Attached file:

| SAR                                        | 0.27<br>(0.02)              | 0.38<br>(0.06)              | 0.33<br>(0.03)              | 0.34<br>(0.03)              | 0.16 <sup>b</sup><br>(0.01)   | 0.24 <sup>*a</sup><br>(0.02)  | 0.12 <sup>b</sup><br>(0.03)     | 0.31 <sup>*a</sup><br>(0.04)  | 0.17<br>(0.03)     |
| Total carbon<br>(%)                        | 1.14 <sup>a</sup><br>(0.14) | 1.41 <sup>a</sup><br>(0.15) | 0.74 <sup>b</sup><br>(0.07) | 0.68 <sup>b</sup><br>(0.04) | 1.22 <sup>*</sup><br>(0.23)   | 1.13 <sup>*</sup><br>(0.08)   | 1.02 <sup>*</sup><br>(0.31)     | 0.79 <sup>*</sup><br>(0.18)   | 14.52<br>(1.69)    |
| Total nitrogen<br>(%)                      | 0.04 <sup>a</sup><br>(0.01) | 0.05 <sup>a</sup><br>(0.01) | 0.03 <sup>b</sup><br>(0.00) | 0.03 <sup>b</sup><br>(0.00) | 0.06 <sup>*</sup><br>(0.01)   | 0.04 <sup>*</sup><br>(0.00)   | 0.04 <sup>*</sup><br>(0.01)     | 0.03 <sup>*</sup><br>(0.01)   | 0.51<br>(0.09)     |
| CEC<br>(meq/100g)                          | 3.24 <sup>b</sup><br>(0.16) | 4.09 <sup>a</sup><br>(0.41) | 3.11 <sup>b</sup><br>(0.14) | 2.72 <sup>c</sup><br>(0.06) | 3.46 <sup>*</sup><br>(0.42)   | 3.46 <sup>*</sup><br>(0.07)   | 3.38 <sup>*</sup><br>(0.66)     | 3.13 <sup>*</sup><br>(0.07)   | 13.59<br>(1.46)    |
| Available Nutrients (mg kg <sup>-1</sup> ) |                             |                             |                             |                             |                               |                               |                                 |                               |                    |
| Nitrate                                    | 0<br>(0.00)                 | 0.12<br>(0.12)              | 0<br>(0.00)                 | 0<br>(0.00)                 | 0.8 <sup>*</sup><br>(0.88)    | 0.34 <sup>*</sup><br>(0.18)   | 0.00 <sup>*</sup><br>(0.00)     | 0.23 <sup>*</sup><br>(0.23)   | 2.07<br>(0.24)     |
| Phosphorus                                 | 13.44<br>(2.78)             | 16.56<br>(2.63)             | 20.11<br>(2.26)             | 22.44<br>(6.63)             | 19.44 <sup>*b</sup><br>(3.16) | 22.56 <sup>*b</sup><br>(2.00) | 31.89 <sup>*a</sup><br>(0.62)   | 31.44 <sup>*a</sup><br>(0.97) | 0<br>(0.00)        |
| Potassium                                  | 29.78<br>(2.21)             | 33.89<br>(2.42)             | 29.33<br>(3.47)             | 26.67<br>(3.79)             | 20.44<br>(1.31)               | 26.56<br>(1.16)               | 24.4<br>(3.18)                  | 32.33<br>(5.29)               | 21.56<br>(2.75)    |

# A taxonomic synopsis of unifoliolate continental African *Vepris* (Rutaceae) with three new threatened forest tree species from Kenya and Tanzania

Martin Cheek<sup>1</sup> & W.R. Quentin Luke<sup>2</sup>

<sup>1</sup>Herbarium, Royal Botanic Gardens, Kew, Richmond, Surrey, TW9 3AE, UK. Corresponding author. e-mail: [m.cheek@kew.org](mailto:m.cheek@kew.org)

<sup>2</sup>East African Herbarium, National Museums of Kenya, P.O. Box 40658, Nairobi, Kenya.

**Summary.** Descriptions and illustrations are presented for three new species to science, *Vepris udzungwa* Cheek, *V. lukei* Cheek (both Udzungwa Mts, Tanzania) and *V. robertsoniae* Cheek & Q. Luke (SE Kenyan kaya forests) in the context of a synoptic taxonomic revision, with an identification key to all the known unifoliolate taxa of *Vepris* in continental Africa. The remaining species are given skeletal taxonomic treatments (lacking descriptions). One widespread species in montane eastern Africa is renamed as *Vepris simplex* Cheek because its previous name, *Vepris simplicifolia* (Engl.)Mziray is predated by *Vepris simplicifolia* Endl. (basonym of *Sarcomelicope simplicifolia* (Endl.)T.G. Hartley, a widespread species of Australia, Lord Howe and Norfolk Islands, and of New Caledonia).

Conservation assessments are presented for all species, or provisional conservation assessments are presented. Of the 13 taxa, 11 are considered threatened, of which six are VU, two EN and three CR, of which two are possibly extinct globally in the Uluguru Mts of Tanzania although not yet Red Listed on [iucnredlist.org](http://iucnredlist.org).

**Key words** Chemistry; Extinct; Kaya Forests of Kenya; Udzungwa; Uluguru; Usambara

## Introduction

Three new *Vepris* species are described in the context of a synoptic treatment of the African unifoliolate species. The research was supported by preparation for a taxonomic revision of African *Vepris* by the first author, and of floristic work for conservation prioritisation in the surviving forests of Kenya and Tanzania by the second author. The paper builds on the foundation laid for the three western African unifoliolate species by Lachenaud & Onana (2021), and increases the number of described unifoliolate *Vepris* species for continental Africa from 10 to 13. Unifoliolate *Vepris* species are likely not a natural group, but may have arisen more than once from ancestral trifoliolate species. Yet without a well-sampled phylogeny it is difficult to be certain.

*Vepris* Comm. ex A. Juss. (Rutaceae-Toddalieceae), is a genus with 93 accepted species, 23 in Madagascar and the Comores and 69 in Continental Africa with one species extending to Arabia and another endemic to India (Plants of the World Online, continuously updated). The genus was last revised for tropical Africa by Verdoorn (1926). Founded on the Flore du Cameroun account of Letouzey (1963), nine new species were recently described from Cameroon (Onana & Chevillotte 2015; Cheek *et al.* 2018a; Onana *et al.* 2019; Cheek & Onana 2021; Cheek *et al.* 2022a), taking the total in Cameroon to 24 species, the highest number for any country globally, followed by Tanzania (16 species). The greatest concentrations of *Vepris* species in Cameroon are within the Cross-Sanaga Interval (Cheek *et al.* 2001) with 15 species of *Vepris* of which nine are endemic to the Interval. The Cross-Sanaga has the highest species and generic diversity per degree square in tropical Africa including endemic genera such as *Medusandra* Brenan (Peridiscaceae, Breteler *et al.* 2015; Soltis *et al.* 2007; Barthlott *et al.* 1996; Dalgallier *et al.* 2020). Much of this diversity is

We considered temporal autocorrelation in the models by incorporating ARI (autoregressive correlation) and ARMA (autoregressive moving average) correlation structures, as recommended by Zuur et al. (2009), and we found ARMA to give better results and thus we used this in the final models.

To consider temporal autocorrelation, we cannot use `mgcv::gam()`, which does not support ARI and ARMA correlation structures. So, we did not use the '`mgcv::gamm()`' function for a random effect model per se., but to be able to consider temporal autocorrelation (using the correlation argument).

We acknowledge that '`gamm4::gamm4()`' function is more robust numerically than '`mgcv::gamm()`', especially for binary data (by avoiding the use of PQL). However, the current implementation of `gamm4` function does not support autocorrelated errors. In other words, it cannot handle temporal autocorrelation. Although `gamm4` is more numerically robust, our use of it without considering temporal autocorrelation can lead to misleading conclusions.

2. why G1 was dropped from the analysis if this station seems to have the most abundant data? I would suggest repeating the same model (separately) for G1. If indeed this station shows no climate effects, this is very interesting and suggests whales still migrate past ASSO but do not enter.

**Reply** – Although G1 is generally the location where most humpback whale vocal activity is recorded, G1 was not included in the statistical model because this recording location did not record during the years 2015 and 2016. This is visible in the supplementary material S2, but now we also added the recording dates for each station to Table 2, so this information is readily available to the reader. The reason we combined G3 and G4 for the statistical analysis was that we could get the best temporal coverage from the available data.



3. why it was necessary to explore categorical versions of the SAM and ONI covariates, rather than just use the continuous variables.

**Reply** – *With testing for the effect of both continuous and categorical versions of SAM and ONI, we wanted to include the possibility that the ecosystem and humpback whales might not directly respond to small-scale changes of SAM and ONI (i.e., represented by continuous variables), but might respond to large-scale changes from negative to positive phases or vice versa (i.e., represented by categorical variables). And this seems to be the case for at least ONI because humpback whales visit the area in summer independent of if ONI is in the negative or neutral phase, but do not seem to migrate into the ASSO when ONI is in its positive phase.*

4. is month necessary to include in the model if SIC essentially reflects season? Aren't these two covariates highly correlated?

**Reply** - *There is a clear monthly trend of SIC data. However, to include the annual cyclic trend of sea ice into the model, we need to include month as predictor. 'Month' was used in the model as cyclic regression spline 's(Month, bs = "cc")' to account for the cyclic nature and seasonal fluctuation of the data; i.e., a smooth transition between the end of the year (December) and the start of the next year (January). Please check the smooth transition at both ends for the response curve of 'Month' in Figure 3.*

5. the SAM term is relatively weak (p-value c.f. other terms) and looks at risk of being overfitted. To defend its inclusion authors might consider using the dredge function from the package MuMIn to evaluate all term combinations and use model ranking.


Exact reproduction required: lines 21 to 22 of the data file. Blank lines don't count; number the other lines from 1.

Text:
We acknowledge that '`gamm4::gamm4()`' function is more robust numerically than '`mgcv::gamm()`', especially for binary data (by avoiding the use of PQL). However, the current implementation of `gamm4` function does not support autocorrelated errors. In other words, it cannot handle temporal autocorrelation. Although `gamm4` is more numerically robust, our use of it without considering temporal autocorrelation can lead to misleading conclusions.

2. why G1 was dropped from the analysis if this station seems to have the most abundant data? I would suggest repeating the same model (separately) for G1. If indeed this station shows no climate effects, this is very interesting and suggests whales still migrate past ASSO but do not enter.